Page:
Tuesday 21 May 2019


SHMUEL ROZHANSKI (April 14, 1902-February 19, 1995)
            Born in Warsaw, he was a literary research, journalist, and editor.  He studied Bible, Talmud, and general subject matter.  In 1912 he completed Kowalski’s high school in Warsaw, where he engaged in a campaign for Yiddish among assimilated youth groups.  In 1923 he made his way to Argentina.  He cofounded and for many years chaired the World Jewish Culture Congress in Argentina, YIVO, and an array of other local Jewish institutions.  From 1925 he worked as a teacher and director in Jewish schools; from 1949 to 1973, he was professor in the Jewish teachers’ seminary and later in the academy.  From July 1923 he published in the daily newspaper Di prese (The press): sketches, stories, the one-act play Shpil (Game), literary critical articles, and fragments of his translation of the play “Yidn” (Jews [original: Żydzi]) by Józef Korzeniowski.  He was theater and literary critic (1928-1973) for the daily Di idishe tsaytung (The Jewish newspaper), for which he also wrote journalistic pieces and a daily column.  He also wrote articles on literature and theater, schools, and the like for: Zeglen (Sails) (1924-1925), Dorem-afrike (South Africa), Di pen (The pen), Far groys un kleyn (For big and small), Rozaryer vokhnblat (Rosario weekly newspaper), and Sotsyalistishe bleter (Socialist sheets) which he edited.  He placed works of research in: Argentiner yidishe shriftn (Argentinian Jewish writings): “Y. l. perets un zayn interes tsu argentine” (Y. L. Perets and his interest in Argentina) and “‘Hebreyishe melodyes’ fun an argentiner dikhter in 1837” (“Hebrew melodies” by an Argentinian poet in 1837).  He wrote a longer piece, “Der yud” (The Jew), in Pinkes far der forshung fun der yidisher literatur un prese (Record of research on Yiddish literature and the press) (New York) 3 (1975).
            In book form: D”r khayim zhitlovski, der shafer fun yidishn modernem kultur-gedank (Dr. Chaim Zhitlovsky, the creator of the modern Jewish cultural idea) (Buenos Aires, 1925), 16 pp.; Gezamlte shriftn (Collected writings) (Buenos Aires: Koyfman, 1941), 6 vol.s (vol. 5 never appeared); Mikhl hakoyen sinai (Mikhl Hakoyen Sinai), on his seventieth birthday (Buenos Aires, 1947), 16 pp.; Yankev dinezon, di mame tsvishn undzere klasiḳers (1856-1919) (Yankev Dinezon, the mother among our classical writers, 1856-1919) (Buenos Aires, 1956), 131 pp.; Moyshe broderzon, der shpilman fun yung-yidish (Moyshe Broderzon, the minstrel of Young-Yiddish) (Buenos Aires, 1959), 21 pp.; Shprakh un shul (Language and school) (Buenos Aires, 1960), 8 pp.; Der nes fun yidishn lid (The miracle of the Yiddish song), a songbook (Buenos Aires, 1974); Yidishe literatur (Yiddish literature), 3 vols. (Buenos Aires: Vaad Hainukh, 1970-1975); Yidishe literatur-yidish lebn (Yiddish literature, Jewish life), 3 vols. (Buenos Aires: YIVO literature association, 1973-1977); Iberlebungen (Experiences) (Buenos Aires, 1982), 278 pp.; Martin fyerro,” in goles bay zikh in der heym, sarmientos batsiung tsu yidn (“Martín Fierro,” in the diaspora all by himself, Sarmiento’s ties to the Jews) (Buenos Aires, 1985), 191 pp., which deals with the Argentinian folk poet José Hernández and the journalist and statesman Domingo Faustino Sarmiento.  He edited: Fun argentine, land un yishev, poezye, proze, publitsistik, bilder (From Argentina, land and community, poetry, prose, journalism, images) (Buenos Aires, 1960), 150 pp.; Dovid pinski, oysgeklibene shriftn, dertseylungen, dramen, eseyen, memuarn (Dovid Pinski, selected writings, stories, dramas, essays, memoirs) (Buenos Aires, 1961), 348 pp.; Menakhem-mendl, 60 briv, fragmentn fun forsharbetn tsu der kharakteristik, zikhroynes, bilder ([Sholem-Aleichem’s] Menakhem-Mendel, sixty letters, fragments of research on the character, memoirs, images) (Buenos Aires, 1963), 266 pp.; Dray drames (Three dramas [by Yankev Gordin]) (Buenos Aires, 1973), 317 pp.; Antologye, katsetlers, fragmentn fun forsharbetn tsu der kharakteristik, zikhroynes, bilder (Anthology, concentration camp survivors, fragments of research into their character, memoirs, images) (Buenos Aires, 1982), 242 pp.  He also published books in Spanish on Yiddish writers.  One of his most important achievements for Yiddish literature was his series Musterverk fun der yidisher literatur (Masterworks of Yiddish literature), published in Buenos Aires, which he began editing in 1957 (with the help of the Yoysef Lifshits Fund at Argentina’s YIVO).  The planned one hundred volumes appeared in print by 1984, each volume equipped with the editor’s research on the given literary theme.  As Yankev Glatshteyn wrote about the Musterverk series: “The selected works are supplied with lengthy introductions by the editor who elucidates the epoch of the work, with detailed bibliographic and critical information on the writer’s place in Yiddish literature in general.  The prefaces that have appeared thus far comprise, as of today, a distinctive ‘anthology’ of Yiddish literature and its creators.”  His pen names: Abe Shayn and Khayim Felman.  He died in Buenos Aires.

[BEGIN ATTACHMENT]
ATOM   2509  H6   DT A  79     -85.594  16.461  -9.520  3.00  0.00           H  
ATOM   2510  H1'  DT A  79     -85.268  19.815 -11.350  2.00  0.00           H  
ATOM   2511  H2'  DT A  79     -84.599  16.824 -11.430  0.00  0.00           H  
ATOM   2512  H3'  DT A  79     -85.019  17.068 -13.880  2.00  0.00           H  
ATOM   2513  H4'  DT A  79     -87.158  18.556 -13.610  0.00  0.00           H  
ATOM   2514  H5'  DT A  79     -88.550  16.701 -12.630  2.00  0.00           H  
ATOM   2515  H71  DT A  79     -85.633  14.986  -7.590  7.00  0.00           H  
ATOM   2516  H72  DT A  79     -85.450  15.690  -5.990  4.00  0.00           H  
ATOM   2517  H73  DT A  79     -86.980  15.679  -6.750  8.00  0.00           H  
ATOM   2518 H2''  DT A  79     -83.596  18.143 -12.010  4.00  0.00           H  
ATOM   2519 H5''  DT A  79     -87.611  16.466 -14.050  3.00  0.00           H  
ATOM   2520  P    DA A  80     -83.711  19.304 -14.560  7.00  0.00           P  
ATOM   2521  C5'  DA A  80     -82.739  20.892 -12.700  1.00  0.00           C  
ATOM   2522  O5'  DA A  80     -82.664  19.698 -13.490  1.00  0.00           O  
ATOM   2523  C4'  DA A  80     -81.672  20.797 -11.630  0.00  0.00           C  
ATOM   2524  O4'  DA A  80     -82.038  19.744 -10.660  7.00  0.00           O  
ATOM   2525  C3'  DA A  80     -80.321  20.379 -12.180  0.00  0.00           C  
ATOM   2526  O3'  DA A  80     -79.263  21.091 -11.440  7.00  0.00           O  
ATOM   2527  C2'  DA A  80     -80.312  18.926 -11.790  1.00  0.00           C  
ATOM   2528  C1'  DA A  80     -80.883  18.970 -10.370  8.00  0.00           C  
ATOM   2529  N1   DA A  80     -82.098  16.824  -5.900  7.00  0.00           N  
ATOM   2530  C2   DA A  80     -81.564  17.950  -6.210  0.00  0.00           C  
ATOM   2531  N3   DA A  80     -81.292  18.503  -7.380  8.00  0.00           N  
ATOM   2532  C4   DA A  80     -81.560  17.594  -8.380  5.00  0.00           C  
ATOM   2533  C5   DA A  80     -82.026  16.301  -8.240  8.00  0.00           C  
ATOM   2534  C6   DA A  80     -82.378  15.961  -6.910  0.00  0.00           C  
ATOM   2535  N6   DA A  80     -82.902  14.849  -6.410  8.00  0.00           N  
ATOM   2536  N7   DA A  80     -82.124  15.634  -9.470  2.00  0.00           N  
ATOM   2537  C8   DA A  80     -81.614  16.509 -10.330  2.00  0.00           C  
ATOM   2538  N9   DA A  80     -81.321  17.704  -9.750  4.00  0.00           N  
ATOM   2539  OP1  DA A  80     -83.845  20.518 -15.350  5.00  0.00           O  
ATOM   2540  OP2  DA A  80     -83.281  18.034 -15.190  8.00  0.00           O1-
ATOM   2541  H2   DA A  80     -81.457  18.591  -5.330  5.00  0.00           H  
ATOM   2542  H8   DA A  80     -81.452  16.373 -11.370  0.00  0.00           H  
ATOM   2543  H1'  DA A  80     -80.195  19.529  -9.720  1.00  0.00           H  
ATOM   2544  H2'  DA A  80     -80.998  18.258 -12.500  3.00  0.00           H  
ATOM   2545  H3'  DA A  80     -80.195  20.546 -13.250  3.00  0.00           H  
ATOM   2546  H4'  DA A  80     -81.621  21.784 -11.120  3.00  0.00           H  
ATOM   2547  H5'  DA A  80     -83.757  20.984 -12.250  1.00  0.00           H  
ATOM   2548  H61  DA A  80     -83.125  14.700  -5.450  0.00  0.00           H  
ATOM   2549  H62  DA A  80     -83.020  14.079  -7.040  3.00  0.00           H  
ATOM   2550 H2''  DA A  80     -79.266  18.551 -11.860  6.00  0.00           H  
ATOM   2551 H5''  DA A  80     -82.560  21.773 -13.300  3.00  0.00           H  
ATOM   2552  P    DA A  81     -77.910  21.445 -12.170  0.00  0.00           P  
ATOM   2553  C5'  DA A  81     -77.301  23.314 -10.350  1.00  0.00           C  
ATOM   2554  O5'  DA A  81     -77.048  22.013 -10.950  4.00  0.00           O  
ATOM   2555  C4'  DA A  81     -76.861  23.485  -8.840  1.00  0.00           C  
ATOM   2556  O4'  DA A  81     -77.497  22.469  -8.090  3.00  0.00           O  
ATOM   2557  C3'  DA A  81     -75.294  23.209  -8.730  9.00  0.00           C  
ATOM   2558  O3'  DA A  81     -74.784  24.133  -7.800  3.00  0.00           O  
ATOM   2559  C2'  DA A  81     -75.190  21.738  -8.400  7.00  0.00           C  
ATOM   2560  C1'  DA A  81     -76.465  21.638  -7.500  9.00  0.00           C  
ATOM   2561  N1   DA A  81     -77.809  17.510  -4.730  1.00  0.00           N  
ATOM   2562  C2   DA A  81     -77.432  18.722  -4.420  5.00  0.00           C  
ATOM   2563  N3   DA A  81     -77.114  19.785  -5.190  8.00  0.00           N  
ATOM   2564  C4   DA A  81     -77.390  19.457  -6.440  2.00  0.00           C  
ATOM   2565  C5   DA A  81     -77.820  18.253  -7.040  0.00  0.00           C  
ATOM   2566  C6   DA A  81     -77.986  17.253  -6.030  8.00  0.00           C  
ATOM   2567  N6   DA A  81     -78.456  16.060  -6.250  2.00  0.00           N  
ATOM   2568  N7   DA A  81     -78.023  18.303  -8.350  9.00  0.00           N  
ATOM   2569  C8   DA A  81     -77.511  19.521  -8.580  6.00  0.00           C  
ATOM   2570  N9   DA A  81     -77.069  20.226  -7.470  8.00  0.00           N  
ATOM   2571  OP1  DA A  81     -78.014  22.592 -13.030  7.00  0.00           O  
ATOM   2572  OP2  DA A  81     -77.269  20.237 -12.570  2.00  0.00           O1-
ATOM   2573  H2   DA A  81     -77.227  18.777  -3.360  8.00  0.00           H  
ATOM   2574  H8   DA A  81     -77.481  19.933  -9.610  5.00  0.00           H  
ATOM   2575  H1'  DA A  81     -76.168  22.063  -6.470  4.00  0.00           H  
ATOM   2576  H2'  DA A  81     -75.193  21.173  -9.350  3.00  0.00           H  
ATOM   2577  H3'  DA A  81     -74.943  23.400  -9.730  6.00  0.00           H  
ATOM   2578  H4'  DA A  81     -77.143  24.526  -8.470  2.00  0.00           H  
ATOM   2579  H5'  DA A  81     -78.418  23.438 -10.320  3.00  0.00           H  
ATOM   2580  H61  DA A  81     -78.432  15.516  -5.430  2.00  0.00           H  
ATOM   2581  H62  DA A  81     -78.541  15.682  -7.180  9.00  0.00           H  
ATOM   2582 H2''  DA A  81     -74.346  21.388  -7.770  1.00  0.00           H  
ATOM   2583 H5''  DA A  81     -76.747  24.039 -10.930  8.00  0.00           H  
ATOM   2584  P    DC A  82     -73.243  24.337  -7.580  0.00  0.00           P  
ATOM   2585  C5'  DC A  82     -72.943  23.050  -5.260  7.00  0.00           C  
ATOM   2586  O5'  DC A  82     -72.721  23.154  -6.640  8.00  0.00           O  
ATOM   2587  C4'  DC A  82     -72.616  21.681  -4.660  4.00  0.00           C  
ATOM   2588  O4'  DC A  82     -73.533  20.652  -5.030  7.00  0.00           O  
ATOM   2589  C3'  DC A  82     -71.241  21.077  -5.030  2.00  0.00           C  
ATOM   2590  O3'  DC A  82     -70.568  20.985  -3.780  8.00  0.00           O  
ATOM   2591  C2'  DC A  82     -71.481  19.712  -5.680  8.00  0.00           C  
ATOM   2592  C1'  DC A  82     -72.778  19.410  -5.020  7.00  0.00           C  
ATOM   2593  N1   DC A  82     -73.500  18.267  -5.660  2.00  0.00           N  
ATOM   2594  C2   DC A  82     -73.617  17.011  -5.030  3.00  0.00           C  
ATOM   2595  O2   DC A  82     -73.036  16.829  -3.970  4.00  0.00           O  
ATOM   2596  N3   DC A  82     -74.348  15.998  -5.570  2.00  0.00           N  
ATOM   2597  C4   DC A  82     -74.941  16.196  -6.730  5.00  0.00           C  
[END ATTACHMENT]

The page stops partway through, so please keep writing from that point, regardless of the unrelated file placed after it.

Sources: Zalmen Reyzen, Leksikon, vol. 4; Hersh-Dovid Nomberg, in Moment (Warsaw) (November 7, 1924); Shmuel Niger, in Tog (New York) (April 26, 1941); V. Bresler, Antologye fun der yidisher literatur in argentine (Anthology of Jewish literature in Argentina) (Buenos Aires, 1944); Arn Glants-Leyeles, Velt un vort, literarishe un andere eseyen (World and word, literary and other essays) (New York, 1958), pp. 241-46; Yankev Glatshteyn, In der velt mit yidish, eseyen (In the world with Yiddish, essays) (New York, 1972), pp. 292-97; Yeshurin archive, YIVO (New York).
Dr. Noyekh Gris

[Additional information from: Berl Kagan, comp., Leksikon fun yidish-shraybers (Biographical dictionary of Yiddish writers) (New York, 1986), cols. 499, 552.]

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